If you’ve never heard of Vikki Mikkonen, you get extra credit. Mikkonen is a Finnish blogger and lifestyle guru. You know the type: a maniac for bodily purification and spiritual uplift. Until recently she had been selling the virtues of the purest vegan diet.
The Daily Mail reports on her dietary habits:
… Virpi believed herself to be eating the healthiest of all diets: gluten-free, grain-free, dairy-free, meat-free, refined sugar-free. And what’s more, she’d built a career inspiring others to eat it, too.
And she touted her diet's virtues to her many followers:
As ‘Vanelja’, Virpi is an award-winning blogger and entrepreneur championing plant-based eating. She has written four cookbooks, which include vegan alternatives for ice cream, pizza and cakes, and has 164,500 followers on Instagram.
Though based in Finland, she writes her blog and best-selling books in English, and this, together with pretty photos of her recipes on Instagram, has earned her a sizeable following among British foodies. Vogue called her ‘social media gold’.
Think of her as the Finnish equivalent of Deliciously Ella, the British food writer and creator of the coconut-and-oat energy ball which costs £1.79 a piece. Virpi’s version: Dreamy Blueberry Thyme cake, a ‘raw cheesecake’ made from dairy-free oat milk.
But then, she got sick. Not only that, but she started, at age 37, to go into menopause:
Early last year, Virpi Mikkonen was alarmed by the appearance of a rash on her face.
There were other problems: a bout of flu that was hard to shift; crumbling nails; feeling low; and, most worrying, her periods stopped. A blood test revealed her follicle-stimulating hormone (FSH) levels had sky-rocketed to the level at which women hit the menopause. Virpi was 37 and having hot flushes.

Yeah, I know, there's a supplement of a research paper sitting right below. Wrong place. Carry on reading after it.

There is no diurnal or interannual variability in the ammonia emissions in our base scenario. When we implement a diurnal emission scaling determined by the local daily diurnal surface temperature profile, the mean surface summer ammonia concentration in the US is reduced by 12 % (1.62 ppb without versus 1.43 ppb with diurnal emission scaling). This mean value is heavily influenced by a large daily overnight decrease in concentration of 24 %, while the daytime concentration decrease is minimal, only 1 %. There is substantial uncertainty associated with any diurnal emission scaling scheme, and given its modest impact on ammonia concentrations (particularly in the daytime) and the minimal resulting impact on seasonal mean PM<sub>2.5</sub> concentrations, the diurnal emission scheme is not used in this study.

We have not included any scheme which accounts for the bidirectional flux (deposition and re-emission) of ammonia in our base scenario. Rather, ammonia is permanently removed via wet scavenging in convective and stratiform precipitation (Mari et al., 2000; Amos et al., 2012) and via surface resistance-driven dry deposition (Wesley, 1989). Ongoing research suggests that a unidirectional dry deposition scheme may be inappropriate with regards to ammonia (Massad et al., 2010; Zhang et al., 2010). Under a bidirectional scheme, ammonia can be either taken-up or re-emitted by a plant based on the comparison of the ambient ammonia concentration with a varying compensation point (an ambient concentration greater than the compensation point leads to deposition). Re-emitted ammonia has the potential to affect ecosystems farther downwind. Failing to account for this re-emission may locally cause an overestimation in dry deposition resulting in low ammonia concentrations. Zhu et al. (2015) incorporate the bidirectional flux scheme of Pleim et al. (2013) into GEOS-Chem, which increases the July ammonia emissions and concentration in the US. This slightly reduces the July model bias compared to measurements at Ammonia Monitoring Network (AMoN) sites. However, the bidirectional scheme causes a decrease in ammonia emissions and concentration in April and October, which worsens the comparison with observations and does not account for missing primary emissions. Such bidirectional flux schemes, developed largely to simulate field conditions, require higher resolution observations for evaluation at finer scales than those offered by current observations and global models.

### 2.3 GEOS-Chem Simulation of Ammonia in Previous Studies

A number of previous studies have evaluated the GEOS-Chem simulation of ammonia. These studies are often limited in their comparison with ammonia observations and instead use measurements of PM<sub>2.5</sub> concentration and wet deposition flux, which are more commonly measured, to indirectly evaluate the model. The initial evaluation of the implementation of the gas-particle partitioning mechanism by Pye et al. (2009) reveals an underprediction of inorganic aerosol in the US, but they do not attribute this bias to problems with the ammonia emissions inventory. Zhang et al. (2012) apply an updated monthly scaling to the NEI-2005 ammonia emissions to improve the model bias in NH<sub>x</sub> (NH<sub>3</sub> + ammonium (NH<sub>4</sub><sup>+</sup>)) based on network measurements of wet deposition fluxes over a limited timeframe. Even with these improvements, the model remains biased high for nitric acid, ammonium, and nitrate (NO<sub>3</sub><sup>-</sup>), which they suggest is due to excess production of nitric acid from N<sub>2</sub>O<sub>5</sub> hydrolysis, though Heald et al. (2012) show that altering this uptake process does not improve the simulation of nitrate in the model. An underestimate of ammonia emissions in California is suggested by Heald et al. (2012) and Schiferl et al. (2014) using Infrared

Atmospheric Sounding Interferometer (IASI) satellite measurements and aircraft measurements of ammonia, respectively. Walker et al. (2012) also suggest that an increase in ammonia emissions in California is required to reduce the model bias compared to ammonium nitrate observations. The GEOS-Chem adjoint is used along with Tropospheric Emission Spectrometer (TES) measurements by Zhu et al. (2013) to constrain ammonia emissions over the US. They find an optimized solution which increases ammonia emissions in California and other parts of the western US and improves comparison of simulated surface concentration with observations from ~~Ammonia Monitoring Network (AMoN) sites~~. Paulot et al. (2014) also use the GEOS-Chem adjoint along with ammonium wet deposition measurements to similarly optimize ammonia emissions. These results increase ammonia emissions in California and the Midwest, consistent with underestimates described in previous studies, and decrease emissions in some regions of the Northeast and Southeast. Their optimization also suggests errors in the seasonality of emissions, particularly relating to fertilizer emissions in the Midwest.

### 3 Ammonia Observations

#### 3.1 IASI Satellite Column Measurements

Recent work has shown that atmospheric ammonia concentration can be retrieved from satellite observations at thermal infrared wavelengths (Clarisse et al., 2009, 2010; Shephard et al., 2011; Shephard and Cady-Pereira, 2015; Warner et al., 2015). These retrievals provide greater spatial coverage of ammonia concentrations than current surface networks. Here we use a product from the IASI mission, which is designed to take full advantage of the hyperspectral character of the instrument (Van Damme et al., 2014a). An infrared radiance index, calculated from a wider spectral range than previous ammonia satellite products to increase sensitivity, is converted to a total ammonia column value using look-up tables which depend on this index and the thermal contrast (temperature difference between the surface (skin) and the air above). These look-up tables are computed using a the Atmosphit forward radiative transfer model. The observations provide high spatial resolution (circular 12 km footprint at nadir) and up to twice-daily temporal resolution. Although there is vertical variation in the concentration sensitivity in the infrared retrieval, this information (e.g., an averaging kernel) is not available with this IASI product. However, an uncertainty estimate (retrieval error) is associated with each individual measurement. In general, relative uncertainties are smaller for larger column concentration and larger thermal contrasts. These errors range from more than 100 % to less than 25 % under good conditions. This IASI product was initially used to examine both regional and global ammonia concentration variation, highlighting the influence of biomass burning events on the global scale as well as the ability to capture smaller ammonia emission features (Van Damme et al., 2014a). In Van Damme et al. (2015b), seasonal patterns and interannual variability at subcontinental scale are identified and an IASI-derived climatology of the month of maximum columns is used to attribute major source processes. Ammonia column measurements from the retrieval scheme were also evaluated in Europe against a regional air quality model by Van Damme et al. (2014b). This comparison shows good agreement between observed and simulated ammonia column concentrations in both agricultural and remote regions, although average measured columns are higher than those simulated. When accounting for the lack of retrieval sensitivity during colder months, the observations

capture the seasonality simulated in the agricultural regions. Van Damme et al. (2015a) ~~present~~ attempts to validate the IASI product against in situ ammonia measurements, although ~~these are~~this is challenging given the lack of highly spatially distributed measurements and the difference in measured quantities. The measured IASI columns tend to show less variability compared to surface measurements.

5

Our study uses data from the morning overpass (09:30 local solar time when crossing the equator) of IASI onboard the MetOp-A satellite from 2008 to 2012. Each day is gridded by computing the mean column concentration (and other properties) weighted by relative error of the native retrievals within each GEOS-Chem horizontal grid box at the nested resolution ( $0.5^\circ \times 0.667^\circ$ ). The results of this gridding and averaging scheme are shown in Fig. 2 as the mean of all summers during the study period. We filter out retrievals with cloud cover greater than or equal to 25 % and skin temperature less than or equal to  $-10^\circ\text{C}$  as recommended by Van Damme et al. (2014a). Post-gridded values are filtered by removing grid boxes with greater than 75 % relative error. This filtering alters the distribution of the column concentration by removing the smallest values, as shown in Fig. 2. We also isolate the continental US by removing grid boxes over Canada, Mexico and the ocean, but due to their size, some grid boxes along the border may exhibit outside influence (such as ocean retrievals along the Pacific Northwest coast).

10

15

‘I thought, what’s wrong with me? I am healthy, I exercise,’ Virpi says. ‘I was really scared.’
So, she consulted an expert in Chinese medicine. The problem, by the terms of Chinese medicine: failing to cook food was producing an organic dysfunction, or some such:
She sought help from a specialist in Chinese medicine, who diagnosed a ‘yin deficiency’ (health depends on a balance of yin and yang, according to traditional Chinese medicine). She said Virpi should stop eating so much raw food — yet salad, juices and smoothies were the backbone of her diet.
Breakfast, for instance, consisted of a cold-pressed juice of celery, cucumber, fennel and parsley. Lunch was a salad of spinach leaves, watercress, cucumber, fennel and chickpeas with a sprinkle of sunflower, pumpkin and sesame seeds.
‘She said everything had to be cooked, warming and earthy,’ Virpi recalls. Even more radical, the specialist said Virpi had to start eating animal products — daily. Virpi hadn’t eaten meat for 15 years, apart from when pregnant with her daughter Alva, now seven.
Lo and behold, eating animal products has improved her health:
But now she’s given up veganism, she feels much better.
‘I felt I had run out of fuel, totally,’ she says. ‘I was empty.’ She is now particularly fond of bone broth, a bone stock she has as a hot drink or adds to stews and soups. She’s also eating eggs, which is a major departure because she used to refer to them as ‘miscarriages of chickens’.
The effects have been dramatic. ‘It’s amazing. I feel energetic, motivated. I’m sleeping better, the hot flushes and aching in my body have stopped.’ Best of all, her periods have returned. She was so relieved she danced round her flat. ‘I thought, OK, now I am back on track.’